A final problem blogging has is that some hosting organizations haven’t supported the move to creating content or commenting on mobile devices (for instance right now I’m typing on my keyboard but I read your post on my phone).

    Stephanie

  4. Hey Kathleen,

    I’ve seen the same shift that both you and Tom are describing here. My take: The shift occurred because social media created for profit opportunities for educators.

    As people started to capitalize on presence and footprint, they recognized that the quality of the content that they shared had to increase in order to compete with other thinkers who were trying to push their way into the same marketplace. Similarly, as people “blew up,” booking tons and tons of events, they began to see blogs as places to broadcast instead of to network.

    Both of those shifts fundamentally changed the norms around what we do in these spaces. Readers aren’t expecting writers to interact in comment sections anymore because few do. Conversation isn’t the primary purpose for blogging to them. Communication of marketable ideas is. Similarly, readers are expecting content to be highly polished now because it is — people trying to make an impact on the market have recognized that they have to up the slick factor on their content in order to be taken credibly by potential customers.

    The result is blogs and Twitterstreams aren’t really social spaces anymore. They are marketplaces. That changes everything. If our interactions are really transactions, we don’t feel an obligation to interact and build on ideas and say hello and push thinking anymore. We don’t owe that to one another because benefit is coming to both readers and writers in more transactional ways.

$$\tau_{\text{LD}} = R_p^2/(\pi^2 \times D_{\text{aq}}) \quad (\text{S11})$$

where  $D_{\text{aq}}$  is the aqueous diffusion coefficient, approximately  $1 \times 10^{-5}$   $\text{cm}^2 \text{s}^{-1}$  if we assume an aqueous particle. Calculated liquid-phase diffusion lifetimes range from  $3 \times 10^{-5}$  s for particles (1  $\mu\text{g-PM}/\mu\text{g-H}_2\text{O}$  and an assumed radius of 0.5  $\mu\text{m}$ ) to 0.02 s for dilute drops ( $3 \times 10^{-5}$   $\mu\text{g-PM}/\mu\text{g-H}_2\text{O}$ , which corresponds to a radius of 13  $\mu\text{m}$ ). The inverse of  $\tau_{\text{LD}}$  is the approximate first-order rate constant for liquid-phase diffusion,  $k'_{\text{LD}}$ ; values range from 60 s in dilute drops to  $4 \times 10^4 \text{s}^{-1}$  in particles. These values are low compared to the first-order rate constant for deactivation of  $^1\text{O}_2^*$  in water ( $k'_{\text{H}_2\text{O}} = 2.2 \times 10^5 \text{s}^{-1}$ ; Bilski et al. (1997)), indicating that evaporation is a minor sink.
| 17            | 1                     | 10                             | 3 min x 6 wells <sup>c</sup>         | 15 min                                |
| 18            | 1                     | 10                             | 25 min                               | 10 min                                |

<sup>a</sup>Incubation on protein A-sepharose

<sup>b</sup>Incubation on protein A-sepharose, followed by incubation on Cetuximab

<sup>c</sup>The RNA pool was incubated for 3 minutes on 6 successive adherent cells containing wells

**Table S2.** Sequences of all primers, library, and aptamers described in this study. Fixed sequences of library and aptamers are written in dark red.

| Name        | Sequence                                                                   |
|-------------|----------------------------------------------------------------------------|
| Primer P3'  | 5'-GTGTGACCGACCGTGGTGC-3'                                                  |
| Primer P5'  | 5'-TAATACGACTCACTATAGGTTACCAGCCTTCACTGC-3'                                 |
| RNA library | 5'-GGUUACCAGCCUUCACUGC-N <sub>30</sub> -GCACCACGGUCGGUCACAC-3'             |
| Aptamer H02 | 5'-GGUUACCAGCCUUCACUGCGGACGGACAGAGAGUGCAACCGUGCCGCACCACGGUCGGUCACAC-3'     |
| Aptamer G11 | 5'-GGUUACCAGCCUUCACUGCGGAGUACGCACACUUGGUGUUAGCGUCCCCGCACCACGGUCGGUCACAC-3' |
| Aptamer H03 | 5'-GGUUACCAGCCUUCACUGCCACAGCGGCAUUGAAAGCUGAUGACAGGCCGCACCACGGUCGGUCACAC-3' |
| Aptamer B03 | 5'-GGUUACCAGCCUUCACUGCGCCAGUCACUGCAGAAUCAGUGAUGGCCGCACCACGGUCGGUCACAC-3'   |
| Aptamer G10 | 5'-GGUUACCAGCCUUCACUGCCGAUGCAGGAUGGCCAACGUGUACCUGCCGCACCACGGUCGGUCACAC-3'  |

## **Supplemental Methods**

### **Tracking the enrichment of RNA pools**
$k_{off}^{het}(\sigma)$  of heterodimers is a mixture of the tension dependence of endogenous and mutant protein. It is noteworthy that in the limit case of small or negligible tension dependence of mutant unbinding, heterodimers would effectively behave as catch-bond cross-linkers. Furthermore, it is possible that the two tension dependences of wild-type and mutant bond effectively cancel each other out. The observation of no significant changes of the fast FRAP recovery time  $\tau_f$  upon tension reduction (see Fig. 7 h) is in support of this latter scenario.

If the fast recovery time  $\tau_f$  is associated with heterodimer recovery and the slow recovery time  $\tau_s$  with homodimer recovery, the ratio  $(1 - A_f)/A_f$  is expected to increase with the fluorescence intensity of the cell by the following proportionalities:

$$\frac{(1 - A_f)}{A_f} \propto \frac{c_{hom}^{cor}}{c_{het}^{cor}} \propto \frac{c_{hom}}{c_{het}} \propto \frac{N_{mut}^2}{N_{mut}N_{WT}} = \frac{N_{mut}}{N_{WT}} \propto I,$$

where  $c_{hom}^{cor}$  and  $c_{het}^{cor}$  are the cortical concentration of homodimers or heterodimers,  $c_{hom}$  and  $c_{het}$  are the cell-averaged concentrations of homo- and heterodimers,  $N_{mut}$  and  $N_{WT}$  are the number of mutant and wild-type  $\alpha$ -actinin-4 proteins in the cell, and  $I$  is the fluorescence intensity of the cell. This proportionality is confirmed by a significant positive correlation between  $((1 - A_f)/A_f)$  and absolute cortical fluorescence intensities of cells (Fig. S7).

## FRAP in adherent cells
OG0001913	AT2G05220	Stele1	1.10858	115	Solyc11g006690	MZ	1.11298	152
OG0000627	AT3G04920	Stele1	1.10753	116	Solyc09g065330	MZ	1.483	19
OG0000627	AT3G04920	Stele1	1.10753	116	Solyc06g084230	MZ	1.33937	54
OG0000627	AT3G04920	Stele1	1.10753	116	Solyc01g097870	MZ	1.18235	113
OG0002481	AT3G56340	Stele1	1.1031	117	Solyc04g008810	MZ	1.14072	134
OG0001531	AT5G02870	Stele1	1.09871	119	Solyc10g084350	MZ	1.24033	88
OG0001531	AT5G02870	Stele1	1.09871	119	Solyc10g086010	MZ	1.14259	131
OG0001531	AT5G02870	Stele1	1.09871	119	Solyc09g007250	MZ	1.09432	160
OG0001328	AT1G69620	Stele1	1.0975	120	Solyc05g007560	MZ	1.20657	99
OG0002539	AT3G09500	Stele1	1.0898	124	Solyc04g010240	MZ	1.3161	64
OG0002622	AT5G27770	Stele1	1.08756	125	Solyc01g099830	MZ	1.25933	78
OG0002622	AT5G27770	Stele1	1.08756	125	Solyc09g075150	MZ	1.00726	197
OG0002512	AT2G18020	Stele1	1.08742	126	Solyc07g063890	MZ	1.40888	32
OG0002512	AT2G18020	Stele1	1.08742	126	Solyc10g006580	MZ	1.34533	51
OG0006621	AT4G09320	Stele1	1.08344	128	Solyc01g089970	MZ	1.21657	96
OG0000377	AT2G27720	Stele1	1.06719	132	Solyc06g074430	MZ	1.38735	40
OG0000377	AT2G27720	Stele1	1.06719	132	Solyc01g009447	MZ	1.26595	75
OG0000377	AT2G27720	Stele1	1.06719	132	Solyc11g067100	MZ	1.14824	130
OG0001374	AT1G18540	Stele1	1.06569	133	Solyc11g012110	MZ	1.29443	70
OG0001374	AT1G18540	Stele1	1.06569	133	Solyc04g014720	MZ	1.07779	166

Now, I’m not placing judgment on any of this. I’m glad that educators have found new ways to have influence and to make a living — and I don’t begrudge anyone who has followed that path.

    But in my thinking, it has certainly changed the norms and nature of our social spaces — and that explains the differing patterns of interaction that you are seeing in those spaces.

    Does any of this resonate with you?
    Bill

  5. Thank you Tom for taking the time to respond. I am well aware that blogging has changed and enjoyed your story shared on the [Design and Play podcast](https://designandplay.podbean.com/e/ep-11-interview-with-tom-barrett/).